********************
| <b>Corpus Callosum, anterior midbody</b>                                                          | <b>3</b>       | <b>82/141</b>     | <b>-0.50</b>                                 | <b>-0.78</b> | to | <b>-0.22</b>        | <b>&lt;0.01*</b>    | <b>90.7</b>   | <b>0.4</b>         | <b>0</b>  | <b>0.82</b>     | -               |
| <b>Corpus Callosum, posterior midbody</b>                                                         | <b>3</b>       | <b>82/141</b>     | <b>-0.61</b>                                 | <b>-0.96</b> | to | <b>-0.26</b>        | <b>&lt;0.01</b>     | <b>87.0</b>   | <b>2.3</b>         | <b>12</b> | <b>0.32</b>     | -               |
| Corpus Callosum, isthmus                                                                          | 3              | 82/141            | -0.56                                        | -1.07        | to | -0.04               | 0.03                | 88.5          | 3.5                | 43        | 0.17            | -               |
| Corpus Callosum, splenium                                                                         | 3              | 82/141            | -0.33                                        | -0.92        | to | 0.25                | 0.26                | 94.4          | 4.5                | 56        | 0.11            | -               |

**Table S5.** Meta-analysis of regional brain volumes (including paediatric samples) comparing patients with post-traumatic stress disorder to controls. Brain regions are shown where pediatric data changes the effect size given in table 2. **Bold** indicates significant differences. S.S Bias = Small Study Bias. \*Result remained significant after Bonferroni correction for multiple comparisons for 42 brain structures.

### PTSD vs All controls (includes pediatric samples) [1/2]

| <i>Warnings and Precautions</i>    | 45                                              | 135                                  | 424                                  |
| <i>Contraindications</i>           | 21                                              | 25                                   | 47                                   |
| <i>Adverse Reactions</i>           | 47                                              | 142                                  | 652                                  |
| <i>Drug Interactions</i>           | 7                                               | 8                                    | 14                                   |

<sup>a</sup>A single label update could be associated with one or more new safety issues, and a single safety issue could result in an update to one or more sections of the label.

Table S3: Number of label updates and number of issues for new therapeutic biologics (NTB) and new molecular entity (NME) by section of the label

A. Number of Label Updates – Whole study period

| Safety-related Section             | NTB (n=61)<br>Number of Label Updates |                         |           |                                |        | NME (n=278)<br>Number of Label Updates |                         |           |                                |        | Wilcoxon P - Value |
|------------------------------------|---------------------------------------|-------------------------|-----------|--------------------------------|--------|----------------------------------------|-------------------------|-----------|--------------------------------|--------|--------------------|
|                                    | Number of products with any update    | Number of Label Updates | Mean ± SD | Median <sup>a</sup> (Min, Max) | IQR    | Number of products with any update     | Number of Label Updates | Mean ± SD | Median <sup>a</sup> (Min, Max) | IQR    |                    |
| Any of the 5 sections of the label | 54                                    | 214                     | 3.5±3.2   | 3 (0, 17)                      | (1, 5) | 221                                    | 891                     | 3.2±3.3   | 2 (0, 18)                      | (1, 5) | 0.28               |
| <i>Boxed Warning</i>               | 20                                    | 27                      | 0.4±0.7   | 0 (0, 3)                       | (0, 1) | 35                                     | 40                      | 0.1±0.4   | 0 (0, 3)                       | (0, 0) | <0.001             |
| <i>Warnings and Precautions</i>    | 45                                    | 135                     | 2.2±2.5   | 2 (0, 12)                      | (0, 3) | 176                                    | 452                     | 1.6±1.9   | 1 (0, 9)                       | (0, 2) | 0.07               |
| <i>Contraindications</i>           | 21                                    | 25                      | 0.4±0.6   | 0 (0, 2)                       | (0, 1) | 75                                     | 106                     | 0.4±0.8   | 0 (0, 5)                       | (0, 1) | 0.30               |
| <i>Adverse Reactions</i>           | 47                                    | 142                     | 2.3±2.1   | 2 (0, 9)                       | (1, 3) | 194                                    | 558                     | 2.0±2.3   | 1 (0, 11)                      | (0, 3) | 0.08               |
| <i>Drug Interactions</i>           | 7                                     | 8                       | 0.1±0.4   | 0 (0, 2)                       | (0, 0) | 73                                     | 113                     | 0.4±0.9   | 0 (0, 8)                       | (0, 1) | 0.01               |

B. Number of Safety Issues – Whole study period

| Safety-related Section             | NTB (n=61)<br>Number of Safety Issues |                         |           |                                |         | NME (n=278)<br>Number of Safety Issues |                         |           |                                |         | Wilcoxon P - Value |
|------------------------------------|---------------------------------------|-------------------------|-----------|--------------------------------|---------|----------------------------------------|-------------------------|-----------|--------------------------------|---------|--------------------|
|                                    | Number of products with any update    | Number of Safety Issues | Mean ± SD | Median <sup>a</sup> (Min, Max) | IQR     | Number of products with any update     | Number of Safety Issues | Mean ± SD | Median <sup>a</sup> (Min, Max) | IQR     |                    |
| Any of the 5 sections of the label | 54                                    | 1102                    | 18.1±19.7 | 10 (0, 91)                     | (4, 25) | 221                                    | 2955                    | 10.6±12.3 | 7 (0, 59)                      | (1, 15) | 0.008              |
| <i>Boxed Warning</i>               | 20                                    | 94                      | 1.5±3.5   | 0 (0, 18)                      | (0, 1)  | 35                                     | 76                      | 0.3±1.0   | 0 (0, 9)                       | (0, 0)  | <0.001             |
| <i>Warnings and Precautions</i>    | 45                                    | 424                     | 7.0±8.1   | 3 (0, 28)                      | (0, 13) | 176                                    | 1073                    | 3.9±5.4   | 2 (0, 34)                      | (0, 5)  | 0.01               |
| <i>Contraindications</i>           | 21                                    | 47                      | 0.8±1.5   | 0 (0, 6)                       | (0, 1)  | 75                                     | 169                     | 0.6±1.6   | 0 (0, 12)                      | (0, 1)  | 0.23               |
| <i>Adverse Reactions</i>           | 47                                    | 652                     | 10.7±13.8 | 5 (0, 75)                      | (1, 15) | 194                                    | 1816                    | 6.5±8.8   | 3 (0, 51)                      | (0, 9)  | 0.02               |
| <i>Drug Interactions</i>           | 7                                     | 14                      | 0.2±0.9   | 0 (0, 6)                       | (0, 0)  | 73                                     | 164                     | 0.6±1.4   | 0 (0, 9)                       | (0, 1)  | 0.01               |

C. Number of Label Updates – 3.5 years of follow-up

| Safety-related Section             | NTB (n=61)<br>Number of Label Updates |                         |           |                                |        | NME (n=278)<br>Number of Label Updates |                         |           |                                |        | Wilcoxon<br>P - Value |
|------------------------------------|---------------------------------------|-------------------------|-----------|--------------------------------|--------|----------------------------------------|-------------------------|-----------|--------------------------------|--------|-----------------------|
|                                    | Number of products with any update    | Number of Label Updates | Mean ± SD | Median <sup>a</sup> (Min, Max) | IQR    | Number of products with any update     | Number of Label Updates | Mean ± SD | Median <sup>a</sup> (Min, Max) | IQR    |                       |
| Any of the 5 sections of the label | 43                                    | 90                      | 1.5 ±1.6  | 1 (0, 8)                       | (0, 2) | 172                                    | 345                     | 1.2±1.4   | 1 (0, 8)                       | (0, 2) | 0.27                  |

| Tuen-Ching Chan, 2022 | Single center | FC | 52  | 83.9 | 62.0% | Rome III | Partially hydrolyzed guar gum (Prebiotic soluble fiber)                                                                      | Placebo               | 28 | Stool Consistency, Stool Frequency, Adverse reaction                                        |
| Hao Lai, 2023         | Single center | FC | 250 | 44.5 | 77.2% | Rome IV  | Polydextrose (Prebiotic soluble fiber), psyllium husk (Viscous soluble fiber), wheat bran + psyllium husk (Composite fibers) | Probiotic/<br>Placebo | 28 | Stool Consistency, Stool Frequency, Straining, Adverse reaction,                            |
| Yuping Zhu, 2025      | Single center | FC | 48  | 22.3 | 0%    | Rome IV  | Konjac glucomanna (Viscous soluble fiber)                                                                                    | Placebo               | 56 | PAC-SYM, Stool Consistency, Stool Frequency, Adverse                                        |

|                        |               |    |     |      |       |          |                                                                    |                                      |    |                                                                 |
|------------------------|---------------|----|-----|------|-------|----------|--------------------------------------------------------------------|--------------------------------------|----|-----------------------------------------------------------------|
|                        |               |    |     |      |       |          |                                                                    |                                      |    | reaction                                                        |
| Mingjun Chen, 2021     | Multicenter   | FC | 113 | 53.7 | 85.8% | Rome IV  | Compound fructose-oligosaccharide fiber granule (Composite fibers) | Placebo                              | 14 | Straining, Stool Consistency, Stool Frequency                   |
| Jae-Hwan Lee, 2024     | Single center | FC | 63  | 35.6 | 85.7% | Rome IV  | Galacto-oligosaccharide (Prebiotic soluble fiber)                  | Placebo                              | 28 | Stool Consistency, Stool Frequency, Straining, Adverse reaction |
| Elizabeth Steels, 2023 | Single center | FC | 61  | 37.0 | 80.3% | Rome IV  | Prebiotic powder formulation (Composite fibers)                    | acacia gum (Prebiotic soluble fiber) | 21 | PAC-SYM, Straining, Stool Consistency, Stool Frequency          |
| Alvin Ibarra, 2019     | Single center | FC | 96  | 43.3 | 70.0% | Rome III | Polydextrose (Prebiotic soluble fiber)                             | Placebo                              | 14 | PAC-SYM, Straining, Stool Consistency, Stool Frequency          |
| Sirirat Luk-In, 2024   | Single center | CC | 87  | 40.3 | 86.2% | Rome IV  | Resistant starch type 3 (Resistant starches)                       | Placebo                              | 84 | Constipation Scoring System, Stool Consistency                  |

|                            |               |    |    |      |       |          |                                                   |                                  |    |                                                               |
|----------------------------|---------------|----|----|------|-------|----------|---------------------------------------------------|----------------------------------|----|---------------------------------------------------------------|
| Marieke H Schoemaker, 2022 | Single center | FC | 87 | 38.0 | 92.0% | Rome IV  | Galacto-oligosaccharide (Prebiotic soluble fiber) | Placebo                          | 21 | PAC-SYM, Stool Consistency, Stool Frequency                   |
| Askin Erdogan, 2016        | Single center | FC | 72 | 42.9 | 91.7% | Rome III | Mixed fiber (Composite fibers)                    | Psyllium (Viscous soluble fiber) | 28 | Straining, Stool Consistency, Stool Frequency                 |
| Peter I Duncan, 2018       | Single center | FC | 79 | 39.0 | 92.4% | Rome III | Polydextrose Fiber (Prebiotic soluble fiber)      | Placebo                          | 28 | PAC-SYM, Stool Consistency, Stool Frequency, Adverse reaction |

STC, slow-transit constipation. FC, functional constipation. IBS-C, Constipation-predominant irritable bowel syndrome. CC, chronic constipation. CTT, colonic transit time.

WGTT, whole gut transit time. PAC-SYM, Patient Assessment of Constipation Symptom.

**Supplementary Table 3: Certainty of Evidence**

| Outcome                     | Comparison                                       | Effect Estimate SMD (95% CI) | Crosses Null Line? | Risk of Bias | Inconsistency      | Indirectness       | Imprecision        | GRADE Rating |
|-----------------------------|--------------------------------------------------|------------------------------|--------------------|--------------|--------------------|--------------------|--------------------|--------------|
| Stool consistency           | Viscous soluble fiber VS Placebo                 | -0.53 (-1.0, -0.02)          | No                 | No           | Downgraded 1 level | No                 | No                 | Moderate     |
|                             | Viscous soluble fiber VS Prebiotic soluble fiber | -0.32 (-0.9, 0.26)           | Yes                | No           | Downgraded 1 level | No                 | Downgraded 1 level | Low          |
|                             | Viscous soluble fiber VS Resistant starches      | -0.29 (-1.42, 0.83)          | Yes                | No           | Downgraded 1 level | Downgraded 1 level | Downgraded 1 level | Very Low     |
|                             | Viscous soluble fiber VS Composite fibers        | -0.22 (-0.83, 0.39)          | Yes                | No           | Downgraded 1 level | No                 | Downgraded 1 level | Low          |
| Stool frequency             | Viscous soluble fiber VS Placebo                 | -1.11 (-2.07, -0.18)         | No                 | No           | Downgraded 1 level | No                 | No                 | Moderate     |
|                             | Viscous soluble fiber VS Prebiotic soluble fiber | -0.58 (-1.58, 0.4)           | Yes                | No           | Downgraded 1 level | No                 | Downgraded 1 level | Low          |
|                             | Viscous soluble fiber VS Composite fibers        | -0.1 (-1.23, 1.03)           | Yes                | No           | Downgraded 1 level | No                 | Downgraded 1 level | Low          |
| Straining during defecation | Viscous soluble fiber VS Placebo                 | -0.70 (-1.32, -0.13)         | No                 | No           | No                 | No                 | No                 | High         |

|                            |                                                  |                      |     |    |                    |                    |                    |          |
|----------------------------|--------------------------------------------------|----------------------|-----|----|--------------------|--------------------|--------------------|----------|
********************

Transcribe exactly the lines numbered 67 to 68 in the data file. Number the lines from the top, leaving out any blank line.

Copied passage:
|                            |                                                  |                      |     |    |                    |                    |                    |          |
|----------------------------|--------------------------------------------------|----------------------|-----|----|--------------------|--------------------|--------------------|----------|